I was wrong.

I’ll admit it.  I hate this. I hate being wrong.

I define myself based on what I do.  I get a joy or some sort of self satisfaction from saying that I am a teacher.  I am a runner.  I, I, I…  Nothing like quitting my career to give me a little perspective on this topic.  After these months of going to Laila Grace’s pediatrician appointments and filling out run of the mill paperwork with questions on it such as date of birth, first, middle and last names and… occupation.

Oh my.  What will I write down as my occupation now that I no longer have one?  I can’t write “none.”  Or can I?  I should write “none.”  But I have a job.  I’m a mama.  Being a mama is work.  Like 24/7/365 work.  But people don’t consider it to be much of a “job.”  I used to be one of those people who thought being a stay-at-home mama was a cake job.  I admit that I thought I’d have lots of time to do cool stuff  when I decided to stay home with Elle.  I mean, I thought I would be able to finish all of the half started arts and crafts projects that I have laying around.  I thought I’d be able to read all of the books on my shelf that I’ve yet to read.  I mean, I even reorganized my book shelf and separated the books that I’ve read from the books that I’ve yet to read.

I had grand plans for this precious time that I was supposed to dedicate to mothering my baby girl.  I didn’t think I did… but I did.  I wasn’t supposed to make plans…but I did.  I don’t know when I did… but I did.

I came across this article on Facebook entitled, “Why being a mom is enough.”  I wasn’t going to read it because I didn’t want to read an article by some lady who felt sorry for herself for choosing to be a stay-at-home mom and trying to validate her choice with a new fancy job title that basically means the same things as stay-at-home mom.  (I guess I was a little sensitive to this because I was really trying to think of a clever way to state that I am a stay-at-home mama when I filled out that paperwork asking my occupation… you know… so I could feel worthwhile.)

But as I read the article, it struck a chord with me:

There is no supermom, really – that whole supermom who has everything together is just a fallacy. There are real moms. Real, authentic moms who admit that they don’t have it all together but keep on fighting. Scared and tired moms who keep fighting. Moms who are overwhelmed by keeping up with littles all day long. Moms like you and me who sometimes feel lost in a world of outward accomplishments.

A mother isn’t based on external perfection. A mother is the person, the woman, just like you. The woman with little ones in her care that she loves, and sometimes wonders how she loves them because they’re driving her batty, but still she does. She fights, gives, prays, works, and doesn’t give up even when she wants to throw in the towel.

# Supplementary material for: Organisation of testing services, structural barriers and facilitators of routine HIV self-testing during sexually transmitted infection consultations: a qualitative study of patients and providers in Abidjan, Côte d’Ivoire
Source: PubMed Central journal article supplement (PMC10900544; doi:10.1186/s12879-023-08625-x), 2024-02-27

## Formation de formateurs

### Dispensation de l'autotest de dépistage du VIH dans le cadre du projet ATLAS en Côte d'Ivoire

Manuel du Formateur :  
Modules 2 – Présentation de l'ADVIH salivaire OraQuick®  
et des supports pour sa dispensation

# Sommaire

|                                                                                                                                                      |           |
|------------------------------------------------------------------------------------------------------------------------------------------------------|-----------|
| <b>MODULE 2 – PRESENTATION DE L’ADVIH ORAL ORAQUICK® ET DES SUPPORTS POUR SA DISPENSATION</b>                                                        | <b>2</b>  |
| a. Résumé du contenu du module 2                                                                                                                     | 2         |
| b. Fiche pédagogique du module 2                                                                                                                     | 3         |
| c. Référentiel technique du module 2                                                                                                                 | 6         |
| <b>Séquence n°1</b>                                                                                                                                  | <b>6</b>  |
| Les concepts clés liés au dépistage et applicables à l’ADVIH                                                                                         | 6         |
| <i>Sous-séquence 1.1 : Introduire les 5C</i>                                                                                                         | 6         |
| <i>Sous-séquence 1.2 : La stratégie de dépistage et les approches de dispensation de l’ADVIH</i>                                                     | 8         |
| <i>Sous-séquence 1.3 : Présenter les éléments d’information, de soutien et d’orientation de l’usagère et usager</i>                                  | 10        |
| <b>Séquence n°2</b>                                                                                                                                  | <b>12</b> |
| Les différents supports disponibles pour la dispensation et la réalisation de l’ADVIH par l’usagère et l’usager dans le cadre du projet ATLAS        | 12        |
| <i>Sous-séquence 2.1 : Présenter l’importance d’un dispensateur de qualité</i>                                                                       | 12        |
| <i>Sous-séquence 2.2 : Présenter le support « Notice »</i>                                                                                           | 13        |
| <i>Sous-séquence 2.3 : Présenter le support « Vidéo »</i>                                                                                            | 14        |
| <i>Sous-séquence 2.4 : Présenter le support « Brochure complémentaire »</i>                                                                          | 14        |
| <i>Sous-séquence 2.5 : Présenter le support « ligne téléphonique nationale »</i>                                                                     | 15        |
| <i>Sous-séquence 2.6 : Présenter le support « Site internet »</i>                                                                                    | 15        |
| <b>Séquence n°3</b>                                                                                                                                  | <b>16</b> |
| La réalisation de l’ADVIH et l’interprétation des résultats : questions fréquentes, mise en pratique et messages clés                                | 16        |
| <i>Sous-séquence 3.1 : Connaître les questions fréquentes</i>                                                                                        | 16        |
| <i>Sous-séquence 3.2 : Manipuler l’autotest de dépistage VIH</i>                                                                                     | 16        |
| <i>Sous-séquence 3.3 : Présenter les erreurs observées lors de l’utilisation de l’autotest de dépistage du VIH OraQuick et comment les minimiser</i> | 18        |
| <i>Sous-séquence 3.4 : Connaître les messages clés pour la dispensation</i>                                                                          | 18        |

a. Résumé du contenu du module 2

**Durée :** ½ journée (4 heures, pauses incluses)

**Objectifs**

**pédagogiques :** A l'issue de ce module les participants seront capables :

This article was nothing like I imagined it would be.  I came at it from a judgmental perspective (I seem to become more judge-y when I feel less confident).  This woman said something that I needed to hear.  She wasn’t trying to make herself feel better than anyone else but she was trying to convey a point that mothers matter.  All of us.  From the mama who works outside the home only to come home from work to take care of household duties to the mama who stays at home taking care of her littles.  We all matter.

My mother in law asked me why don’t I join one of those mother and baby groups that are held at churches.  I answered her candidly.  To be honest, I don’t want to be surrounded by a whole bunch of Christian first time moms.  If there’s one place where I’ll judge and (possibly) be judged it’s in a room full of Christian moms.  It’s sad to say but I think it’s true.  Women can be kind of judgmental.  Why?  I think that it may be because at the end of the day, we just want to feel like we’re doing better than someone…anyone.  Even if that someone is a woman in our same predicament fighting the same feelings of inadequacy.  It’s sad.  I can only speak for myself so I’m surmising but why else do phrases like, “hey, it could be worse” make me feel just a tad bit better about my own situation???

Here’s the thing: Our journeys are different but there is a common thread: many of us don’t feel adequate.  Many of us don’t feel confident.  Many of us judge for no good reason (is there ever a good reason?).  So, another thing that motherhood has taught me in the now thirteen weeks that I’ve been doing this is that, if nothing  else, motherhood is an opportunity to understand life from a perspective of grace.

Motherhood is an opportunity to understand life from a perspective of grace.

So, I was wrong.  I am not defined by what I do.  I am defined by the way I think about what I do, by the way I give grace to others and to myself.

 

sam

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3 thoughts on “I was wrong.

  1. Love this.

    It’s funny how women are judgmental, but then we don’t feel enough. Sometimes, I think… are we doing this to each other? Are we judging each other, then comparing each other, leading to think that we’re not enough?

    I don’t know. Something to think about, I guess.

    • Yes! It’s an ugly, ugly cycle. We’re totally doing it to ourselves. It is something that we can change… One interaction at a time.

  2. Pingback: Perfection and excellence. | Dos Natural Sistas

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